Russia's attack on Ukraine

Shortage of chicken, sausages or vegetable oil: this is how the ban on Ukrainian food exports affects you

Zelensky's government prevents export of various cereals, sugar, meat and salt until the end of the year

3 min
Rain has arrived on time for rainfed cereals

BarcelonaUkraine is known as Europe's breadbasket. Last year alone, the country led by Volodymir Zelensky produced 86 million tons of grain and is one of the world's leading exporters of cereals. The data is convincing: it is the fourth biggest exporter of corn (16%) and wheat (12%) and the largest exporter of sunflower oil, with 50% of world exports, followed by Russia with 30%. Moreover, 41.3% of the corn that Spain receives comes from Ukraine (in the European Union it is 55%) and the same happens with 10% of the wheat.

Given these figures, it is clear that the export ban made official this Wednesday by Zelenski's country on some cereals (rye, barley, buckwheat, millet), as well as sugar, salt and meat until the end of this year, will have an even greater impact on many agri-food companies, both Catalan and Spanish, which are already suffering for their future. But not only has Ukraine banned the export of some foods: this Wednesday the Russian government has announced that it will follow the same steps both in products and raw materials, although it has not specified which ones (it will do so in the coming hours). Putin's executive, however, is doing this in response to US President Joe Biden's veto of Russian gas and oil.

One of the most important companies in Spain's agri-food sector explains to ARA that its cereal stock will last until October, and that the only way to obtain more is to buy in South American countries such as Argentina. However, this shortage will be even worse next year, because Ukraine plants its cereal mainly between March and May, and as it will obviously not be able to do so this year, in 2023 it will have no products to export.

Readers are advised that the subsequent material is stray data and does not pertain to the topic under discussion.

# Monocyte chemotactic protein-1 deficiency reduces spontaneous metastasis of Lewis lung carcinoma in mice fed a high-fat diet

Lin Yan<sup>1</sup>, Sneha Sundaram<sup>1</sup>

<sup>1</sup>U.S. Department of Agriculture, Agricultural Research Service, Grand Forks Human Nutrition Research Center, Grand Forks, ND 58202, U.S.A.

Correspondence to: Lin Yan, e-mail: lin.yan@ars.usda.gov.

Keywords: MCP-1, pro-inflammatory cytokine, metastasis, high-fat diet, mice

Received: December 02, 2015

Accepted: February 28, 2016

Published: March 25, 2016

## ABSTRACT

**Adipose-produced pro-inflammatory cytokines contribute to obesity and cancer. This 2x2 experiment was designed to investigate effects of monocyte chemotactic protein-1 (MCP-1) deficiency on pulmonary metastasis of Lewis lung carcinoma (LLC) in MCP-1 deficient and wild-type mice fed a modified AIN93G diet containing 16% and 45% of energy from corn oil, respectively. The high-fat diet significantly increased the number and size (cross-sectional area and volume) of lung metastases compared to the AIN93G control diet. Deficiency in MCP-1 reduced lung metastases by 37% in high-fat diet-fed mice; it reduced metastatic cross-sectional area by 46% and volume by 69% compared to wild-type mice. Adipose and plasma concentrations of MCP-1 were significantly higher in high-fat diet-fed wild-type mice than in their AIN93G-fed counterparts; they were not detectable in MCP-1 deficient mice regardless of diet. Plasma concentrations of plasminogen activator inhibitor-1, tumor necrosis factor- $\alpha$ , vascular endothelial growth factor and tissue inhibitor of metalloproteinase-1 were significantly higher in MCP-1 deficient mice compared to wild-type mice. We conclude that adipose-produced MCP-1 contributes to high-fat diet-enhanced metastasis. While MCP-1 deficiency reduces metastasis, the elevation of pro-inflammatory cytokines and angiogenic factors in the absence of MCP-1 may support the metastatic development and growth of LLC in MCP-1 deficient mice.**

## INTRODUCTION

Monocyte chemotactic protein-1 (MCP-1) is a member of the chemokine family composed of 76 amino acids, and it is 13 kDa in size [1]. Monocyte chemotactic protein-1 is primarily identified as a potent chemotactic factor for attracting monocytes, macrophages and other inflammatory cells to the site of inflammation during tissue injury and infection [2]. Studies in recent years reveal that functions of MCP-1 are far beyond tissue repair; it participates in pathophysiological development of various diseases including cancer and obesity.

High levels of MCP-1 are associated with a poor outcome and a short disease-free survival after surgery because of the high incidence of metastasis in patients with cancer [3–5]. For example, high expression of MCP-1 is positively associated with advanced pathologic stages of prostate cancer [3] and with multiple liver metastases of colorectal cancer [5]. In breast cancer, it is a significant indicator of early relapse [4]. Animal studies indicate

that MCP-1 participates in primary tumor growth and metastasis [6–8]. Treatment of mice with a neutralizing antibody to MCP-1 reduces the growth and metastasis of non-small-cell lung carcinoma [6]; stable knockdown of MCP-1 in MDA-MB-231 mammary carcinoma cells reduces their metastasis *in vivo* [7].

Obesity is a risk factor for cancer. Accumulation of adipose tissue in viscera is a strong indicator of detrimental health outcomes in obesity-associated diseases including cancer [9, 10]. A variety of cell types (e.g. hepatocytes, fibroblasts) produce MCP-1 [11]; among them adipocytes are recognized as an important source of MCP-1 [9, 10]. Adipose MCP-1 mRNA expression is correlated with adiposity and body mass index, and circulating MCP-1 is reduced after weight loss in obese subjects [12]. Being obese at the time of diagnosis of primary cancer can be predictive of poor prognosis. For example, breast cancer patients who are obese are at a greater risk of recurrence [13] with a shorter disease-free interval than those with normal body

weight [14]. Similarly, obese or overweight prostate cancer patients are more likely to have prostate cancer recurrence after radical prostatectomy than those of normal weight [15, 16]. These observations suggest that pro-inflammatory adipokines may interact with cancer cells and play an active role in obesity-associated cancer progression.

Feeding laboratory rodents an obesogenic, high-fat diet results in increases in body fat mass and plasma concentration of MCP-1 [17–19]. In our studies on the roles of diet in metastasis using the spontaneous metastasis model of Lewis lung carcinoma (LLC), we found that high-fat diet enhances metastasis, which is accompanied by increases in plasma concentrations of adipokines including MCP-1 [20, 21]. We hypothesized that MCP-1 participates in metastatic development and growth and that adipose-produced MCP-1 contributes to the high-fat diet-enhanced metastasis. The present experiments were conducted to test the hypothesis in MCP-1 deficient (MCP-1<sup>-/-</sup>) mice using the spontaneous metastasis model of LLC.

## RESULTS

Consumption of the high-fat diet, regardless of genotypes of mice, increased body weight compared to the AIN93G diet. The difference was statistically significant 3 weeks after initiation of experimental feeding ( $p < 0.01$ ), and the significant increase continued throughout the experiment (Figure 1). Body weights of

How will this lack of food affect consumers?

The president of the Catalonia's Oil Producers Association, Ramon Millàs, explained this weekend to this newspaper that the lack of oil can cause shortages of some foods. This statement is also corroborated by the head of the Farmersp Union, Miquel Piñol, with regards to cereals. "Farms have feed reserves for five weeks; without them they will be unviable, because the price of cattle feed will end up being more expensive than the price at which meat is sold," he specifies. Translated, this means that supermarket shelves could see the presence of all types of meat plummet: from pork and beef to chicken, and also, obviously, processed meat, such as sausages. In addition, the price of pork will skyrocket. "We will have to rethink the food we eat," warns Piñol.

The rise in cereal prices will also have repercussions, he adds, on the price of products such as flour and, as a consequence, of staples such as bread.

Spanish government sources have assured this Wednesday that they are already working both at state and European level to guarantee the supply of cereals. "Within the framework of the PEC we are coordinating ourselves to be able to increase the production in Spain and import more and in a fast way", these sources specify. One of the solutions proposed by the central executive is to buy in South America and the United States, but Piñol warns that they will be of lesser quality because their cereals have "traces of herbicide".

As for vegetable oil, in some supermarkets the price has already skyrocketed and even the number of bottles that can be purchased is limited. "A little over a week ago the 25-liter bottle of sun-tour oil could be bought for €25, and this Wednesday I paid €50; double the price in just one week," explains a restaurateur from Lleida, who admits that the sector will have to end up passing on part of this increase in prices to consumers.

The lack of vegetable oil affects much of the food industry, but also the automotive industry. Among the many companies that depend on this product are canning companies, some of which are already beginning to suffer stock breakages, or those that make chocolate products.